5 things you need to know about productivity

What’s up? Productivity is a set of good habits acquired over time by repeated practice and reinforcement. Some involve personal effort, others, good systems and yet others, leveraging technology cleverly.


Productivity is a habit, not a gift. You need to cultivate it.

Whenever you meet and work with productive people, you ask yourself: “Why can’t I be like that? It’s good to be as gifted as she is.” You can, but only when you stop seeing productive people as being endowed with special traits. Productivity is a set of good habits acquired over time by repeated practice and reinforcement. Some involve personal effort, others, good systems and yet others, leveraging technology cleverly. Here’s a list that you can use.

Here’s a video summary of this list. (Click on the tabs to read more and watch another video.)


Start with a morning routine

“Ritual focuses attention by framing: it enlivens the memory and links the present with the relevant past. In all this it aids perception. …It can permit knowledge of what would otherwise not be known at all. …There are some things which we can not experience without ritual” (Douglas 1966)

Rituals are not restricting. Having a go-to schedule cuts down on time and energy that could be frittered away in thinking up what to do. All productive people begin their day with a routine. This clears the mind of clutter and sets a positive tone for the day. Effective morning rituals usually include some form of exercise or stretching, meditation or mindfulness and a proper start to the day’s meals.

Julia Cameron’s “Morning Pages” have been around for several decades; three pages of longhand, stream of consciousness writing, done first thing in the morning. “There is no wrong way to do Morning Pages –they are about anything and everything that crosses your mind– and they are for your eyes only. Morning Pages provoke, clarify, comfort, cajole, prioritise and synchronise the day at hand.”

Measure your productivity with metrics

There are numerous methods for creating and achieving goals such as the venerable SMART strategy (goals should be Specific, Measurable, Achievable, Relevant and Time-bound). Think hard though, about setting metrics when you set your goals, as this will help you both define and achieve them.

You can easily appreciate that regular review of metrics allows you to obtain information about how you are progressing towards your goal. You can adjust your strategy at the time when adjustment is most effective, rather than after the fact as response to failing to meet your goals. It doesn’t matter that much how you set your goals as long as defining goals with specific outcomes in mind and then measuring progress to their completion.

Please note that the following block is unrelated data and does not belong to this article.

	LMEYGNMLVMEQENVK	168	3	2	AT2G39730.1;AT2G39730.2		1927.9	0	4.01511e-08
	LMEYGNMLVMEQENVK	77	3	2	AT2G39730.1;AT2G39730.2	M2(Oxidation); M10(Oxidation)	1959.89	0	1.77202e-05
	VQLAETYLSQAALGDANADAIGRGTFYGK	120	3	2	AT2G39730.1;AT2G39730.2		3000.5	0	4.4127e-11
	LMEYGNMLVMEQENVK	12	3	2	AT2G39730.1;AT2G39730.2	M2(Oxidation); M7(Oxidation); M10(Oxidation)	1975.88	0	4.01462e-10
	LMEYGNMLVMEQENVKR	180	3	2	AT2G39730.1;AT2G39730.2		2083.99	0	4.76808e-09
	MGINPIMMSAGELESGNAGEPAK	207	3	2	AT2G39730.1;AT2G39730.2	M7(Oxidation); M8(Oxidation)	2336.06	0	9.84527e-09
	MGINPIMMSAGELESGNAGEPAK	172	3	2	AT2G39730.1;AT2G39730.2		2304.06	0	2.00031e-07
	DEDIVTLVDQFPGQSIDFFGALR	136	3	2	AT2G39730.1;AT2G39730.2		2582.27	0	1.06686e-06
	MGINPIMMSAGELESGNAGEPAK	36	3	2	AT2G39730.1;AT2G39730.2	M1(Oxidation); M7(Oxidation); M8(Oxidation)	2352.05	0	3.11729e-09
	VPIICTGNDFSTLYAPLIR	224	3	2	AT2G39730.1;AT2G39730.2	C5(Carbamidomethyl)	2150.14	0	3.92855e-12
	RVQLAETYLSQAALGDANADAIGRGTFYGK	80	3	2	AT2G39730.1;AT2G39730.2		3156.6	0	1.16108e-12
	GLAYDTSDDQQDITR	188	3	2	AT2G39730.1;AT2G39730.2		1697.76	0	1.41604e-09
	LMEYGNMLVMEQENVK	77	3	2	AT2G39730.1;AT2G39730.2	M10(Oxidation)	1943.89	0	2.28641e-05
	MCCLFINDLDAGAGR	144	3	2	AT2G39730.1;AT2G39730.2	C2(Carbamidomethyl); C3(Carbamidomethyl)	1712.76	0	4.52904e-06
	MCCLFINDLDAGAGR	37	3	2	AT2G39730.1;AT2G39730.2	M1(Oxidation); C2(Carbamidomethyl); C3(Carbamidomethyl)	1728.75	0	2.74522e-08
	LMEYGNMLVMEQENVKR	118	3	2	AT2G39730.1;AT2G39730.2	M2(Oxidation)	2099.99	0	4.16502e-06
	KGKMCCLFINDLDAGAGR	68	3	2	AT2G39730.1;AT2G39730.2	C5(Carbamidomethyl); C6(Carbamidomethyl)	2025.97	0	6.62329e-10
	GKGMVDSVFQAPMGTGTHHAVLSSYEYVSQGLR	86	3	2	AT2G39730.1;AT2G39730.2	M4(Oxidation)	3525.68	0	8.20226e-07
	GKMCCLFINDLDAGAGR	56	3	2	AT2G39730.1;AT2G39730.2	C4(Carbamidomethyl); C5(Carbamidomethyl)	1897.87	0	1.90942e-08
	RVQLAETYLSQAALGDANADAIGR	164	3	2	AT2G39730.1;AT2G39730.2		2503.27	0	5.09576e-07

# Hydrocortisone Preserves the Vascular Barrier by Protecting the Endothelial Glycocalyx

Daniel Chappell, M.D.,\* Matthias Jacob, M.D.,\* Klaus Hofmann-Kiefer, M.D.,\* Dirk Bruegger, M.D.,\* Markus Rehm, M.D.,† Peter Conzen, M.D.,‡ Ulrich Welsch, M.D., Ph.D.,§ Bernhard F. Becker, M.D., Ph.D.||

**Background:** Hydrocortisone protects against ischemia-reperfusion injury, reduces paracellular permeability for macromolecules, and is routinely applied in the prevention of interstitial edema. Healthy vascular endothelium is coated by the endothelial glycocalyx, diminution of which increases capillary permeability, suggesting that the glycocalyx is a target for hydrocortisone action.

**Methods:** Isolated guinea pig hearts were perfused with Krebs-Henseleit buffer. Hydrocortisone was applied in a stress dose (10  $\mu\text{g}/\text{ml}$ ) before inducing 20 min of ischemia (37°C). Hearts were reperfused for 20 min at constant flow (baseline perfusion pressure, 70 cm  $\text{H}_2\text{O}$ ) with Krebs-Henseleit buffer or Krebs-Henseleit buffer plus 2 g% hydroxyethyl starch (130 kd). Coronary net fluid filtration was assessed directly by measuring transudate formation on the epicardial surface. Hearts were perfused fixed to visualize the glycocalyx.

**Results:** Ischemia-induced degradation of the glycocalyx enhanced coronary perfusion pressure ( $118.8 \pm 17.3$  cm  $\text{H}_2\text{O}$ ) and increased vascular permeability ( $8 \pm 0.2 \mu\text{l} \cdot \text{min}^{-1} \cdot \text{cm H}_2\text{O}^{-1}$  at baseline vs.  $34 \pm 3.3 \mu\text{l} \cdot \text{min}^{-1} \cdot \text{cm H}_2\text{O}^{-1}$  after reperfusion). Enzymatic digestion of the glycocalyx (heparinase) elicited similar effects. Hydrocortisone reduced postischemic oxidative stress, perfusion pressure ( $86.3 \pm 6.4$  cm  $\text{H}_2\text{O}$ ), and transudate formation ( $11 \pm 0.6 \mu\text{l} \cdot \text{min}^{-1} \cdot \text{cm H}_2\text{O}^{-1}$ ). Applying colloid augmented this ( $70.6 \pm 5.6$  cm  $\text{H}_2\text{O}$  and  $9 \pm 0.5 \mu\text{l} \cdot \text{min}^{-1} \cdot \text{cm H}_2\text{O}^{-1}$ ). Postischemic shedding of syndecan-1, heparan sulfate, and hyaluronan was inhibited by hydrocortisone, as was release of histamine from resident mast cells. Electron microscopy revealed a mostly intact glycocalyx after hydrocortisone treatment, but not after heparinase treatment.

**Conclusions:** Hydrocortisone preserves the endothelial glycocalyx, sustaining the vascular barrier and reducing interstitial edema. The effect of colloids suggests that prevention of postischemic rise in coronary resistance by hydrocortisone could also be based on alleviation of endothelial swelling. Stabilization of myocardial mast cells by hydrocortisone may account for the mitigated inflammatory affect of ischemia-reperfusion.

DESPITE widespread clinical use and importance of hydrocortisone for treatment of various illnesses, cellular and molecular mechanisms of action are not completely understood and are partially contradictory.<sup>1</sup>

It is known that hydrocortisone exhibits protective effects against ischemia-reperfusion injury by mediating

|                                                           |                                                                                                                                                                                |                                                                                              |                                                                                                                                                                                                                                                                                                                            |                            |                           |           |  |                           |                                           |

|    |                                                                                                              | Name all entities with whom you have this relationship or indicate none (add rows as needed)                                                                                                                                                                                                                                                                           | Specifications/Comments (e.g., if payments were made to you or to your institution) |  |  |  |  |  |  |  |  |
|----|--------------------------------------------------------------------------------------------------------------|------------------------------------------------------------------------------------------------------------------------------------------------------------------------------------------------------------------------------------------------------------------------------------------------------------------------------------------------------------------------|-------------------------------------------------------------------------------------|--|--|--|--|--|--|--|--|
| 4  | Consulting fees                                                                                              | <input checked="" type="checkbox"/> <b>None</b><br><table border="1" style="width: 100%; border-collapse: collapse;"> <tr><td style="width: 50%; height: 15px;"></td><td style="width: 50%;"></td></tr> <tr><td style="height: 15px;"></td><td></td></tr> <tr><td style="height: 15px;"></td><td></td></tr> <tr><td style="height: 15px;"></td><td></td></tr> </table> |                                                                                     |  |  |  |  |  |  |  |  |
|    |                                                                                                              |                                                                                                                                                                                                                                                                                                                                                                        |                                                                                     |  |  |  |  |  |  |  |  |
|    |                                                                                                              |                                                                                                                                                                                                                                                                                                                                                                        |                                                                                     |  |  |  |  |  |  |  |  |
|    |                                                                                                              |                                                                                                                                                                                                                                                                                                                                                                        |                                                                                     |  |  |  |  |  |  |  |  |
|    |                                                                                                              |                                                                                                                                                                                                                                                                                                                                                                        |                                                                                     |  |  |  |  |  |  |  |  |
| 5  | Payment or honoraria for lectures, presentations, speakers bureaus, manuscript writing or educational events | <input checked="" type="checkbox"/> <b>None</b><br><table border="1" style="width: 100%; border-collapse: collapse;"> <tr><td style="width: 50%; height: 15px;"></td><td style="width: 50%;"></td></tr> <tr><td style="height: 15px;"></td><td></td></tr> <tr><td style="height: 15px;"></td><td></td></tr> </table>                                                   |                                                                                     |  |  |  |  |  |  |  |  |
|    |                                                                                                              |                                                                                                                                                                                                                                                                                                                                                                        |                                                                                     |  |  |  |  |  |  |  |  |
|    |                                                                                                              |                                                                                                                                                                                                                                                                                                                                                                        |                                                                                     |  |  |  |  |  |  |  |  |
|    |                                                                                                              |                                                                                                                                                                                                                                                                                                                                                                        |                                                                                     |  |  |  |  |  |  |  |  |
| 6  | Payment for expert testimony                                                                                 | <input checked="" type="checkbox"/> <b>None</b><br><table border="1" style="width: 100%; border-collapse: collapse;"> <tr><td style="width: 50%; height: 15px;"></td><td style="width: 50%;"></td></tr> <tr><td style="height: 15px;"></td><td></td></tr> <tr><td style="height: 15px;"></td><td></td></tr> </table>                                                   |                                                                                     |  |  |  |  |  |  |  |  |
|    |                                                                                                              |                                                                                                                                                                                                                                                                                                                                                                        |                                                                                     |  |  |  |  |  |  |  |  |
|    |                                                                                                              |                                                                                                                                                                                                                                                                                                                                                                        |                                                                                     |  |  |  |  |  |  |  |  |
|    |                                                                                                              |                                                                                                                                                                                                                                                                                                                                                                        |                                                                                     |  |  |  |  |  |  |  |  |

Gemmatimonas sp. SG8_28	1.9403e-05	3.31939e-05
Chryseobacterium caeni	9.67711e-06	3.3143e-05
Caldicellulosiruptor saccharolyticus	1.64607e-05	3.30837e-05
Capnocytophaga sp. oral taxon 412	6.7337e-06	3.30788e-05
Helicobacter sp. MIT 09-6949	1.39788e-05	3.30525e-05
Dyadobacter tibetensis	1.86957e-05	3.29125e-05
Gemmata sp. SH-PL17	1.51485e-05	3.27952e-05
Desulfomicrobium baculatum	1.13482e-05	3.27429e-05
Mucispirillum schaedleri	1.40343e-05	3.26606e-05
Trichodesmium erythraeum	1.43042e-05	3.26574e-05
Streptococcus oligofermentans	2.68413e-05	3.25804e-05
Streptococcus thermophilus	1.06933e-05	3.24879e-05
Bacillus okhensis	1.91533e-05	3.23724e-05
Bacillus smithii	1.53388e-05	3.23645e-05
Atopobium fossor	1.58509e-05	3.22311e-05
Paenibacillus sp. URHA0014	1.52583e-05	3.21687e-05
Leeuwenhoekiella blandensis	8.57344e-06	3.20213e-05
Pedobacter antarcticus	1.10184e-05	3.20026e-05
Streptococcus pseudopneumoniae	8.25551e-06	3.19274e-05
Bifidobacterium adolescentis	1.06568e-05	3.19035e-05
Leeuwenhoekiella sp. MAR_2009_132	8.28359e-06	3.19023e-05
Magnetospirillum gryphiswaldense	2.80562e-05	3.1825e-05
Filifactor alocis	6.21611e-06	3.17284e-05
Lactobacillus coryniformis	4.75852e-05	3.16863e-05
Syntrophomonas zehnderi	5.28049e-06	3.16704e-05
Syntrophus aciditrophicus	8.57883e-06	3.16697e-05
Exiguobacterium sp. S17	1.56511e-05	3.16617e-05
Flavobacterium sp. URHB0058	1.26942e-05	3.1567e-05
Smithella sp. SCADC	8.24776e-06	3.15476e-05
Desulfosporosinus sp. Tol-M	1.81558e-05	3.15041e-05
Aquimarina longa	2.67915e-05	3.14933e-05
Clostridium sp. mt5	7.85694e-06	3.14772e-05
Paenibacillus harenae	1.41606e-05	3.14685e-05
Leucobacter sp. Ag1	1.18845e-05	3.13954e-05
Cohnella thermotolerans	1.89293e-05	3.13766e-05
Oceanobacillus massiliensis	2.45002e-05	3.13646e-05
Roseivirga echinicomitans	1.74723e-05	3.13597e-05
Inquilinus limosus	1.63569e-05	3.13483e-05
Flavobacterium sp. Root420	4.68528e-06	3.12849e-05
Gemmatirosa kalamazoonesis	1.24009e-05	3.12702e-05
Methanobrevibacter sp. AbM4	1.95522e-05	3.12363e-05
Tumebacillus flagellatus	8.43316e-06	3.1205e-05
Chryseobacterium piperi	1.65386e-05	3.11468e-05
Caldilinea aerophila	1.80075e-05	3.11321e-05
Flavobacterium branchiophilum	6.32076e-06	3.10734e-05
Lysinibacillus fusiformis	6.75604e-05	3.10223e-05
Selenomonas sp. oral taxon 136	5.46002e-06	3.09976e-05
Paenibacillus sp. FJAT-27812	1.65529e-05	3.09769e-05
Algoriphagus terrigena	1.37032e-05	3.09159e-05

Whatever you choose to track progress on, it should show you where you are in relation to your goal at any minute of the day. A simple spreadsheet will work well in this regard.

Take control of interruptions

Limit the number of interruptions during your office hours by batching questions and documents for review and signature. There is no such thing as multitasking. It’s always single tasking with rapid task shifting. There is an energy cost for each episode when disconnecting  from one activity and moving on to the next. The effort involved in redirecting focus is the same whether the new task lasts five seconds or five minutes. Aggregating questions and documents for the doctor and presenting them in a batch reduces the switching overhead to a single event. As an additional benefit, office staff also have fewer interruptions.

Don’t aim for perfection, good enough is good enough

Seeking perfection can create paralysis that hurts productivity. Procrastination is a device that perfectionists use to defer action. “Good enough” should be the guiding principle and the path to successive iterations towards an ideal goal. Waiting to launch until a perfect product is achieved can, in today’s world of rapid change, be the path to failure.
A hidden cost of perfectionism is that it’s much harder to delegate. Insisting on perfection from subordinates who may not be able to achieve these standards, can be very demotivating. People will just clam up when asked to reach performance standards that are beyond them.

The power of power naps

Power napping is the key to productivity. The brain has remarkable powers of plasticity — the ability to form new connections and ideas. Plasticity seems to improve during sleep. Losing sleep certainly can limit your brain functioning, As the day goes on, your brain tends to stumble. A short nap smooths the glitches, so you can function for the rest of the day.

Nap for 10 to 15 minutes. One power nap is usually enough to get through the rest of the afternoon. Naps longer than a half hour may actually leave you tired and drained.
BONUS: Video by Dr Mike”]

“Doctor Mike” gives you some excellent advice in this snappy, funny video.

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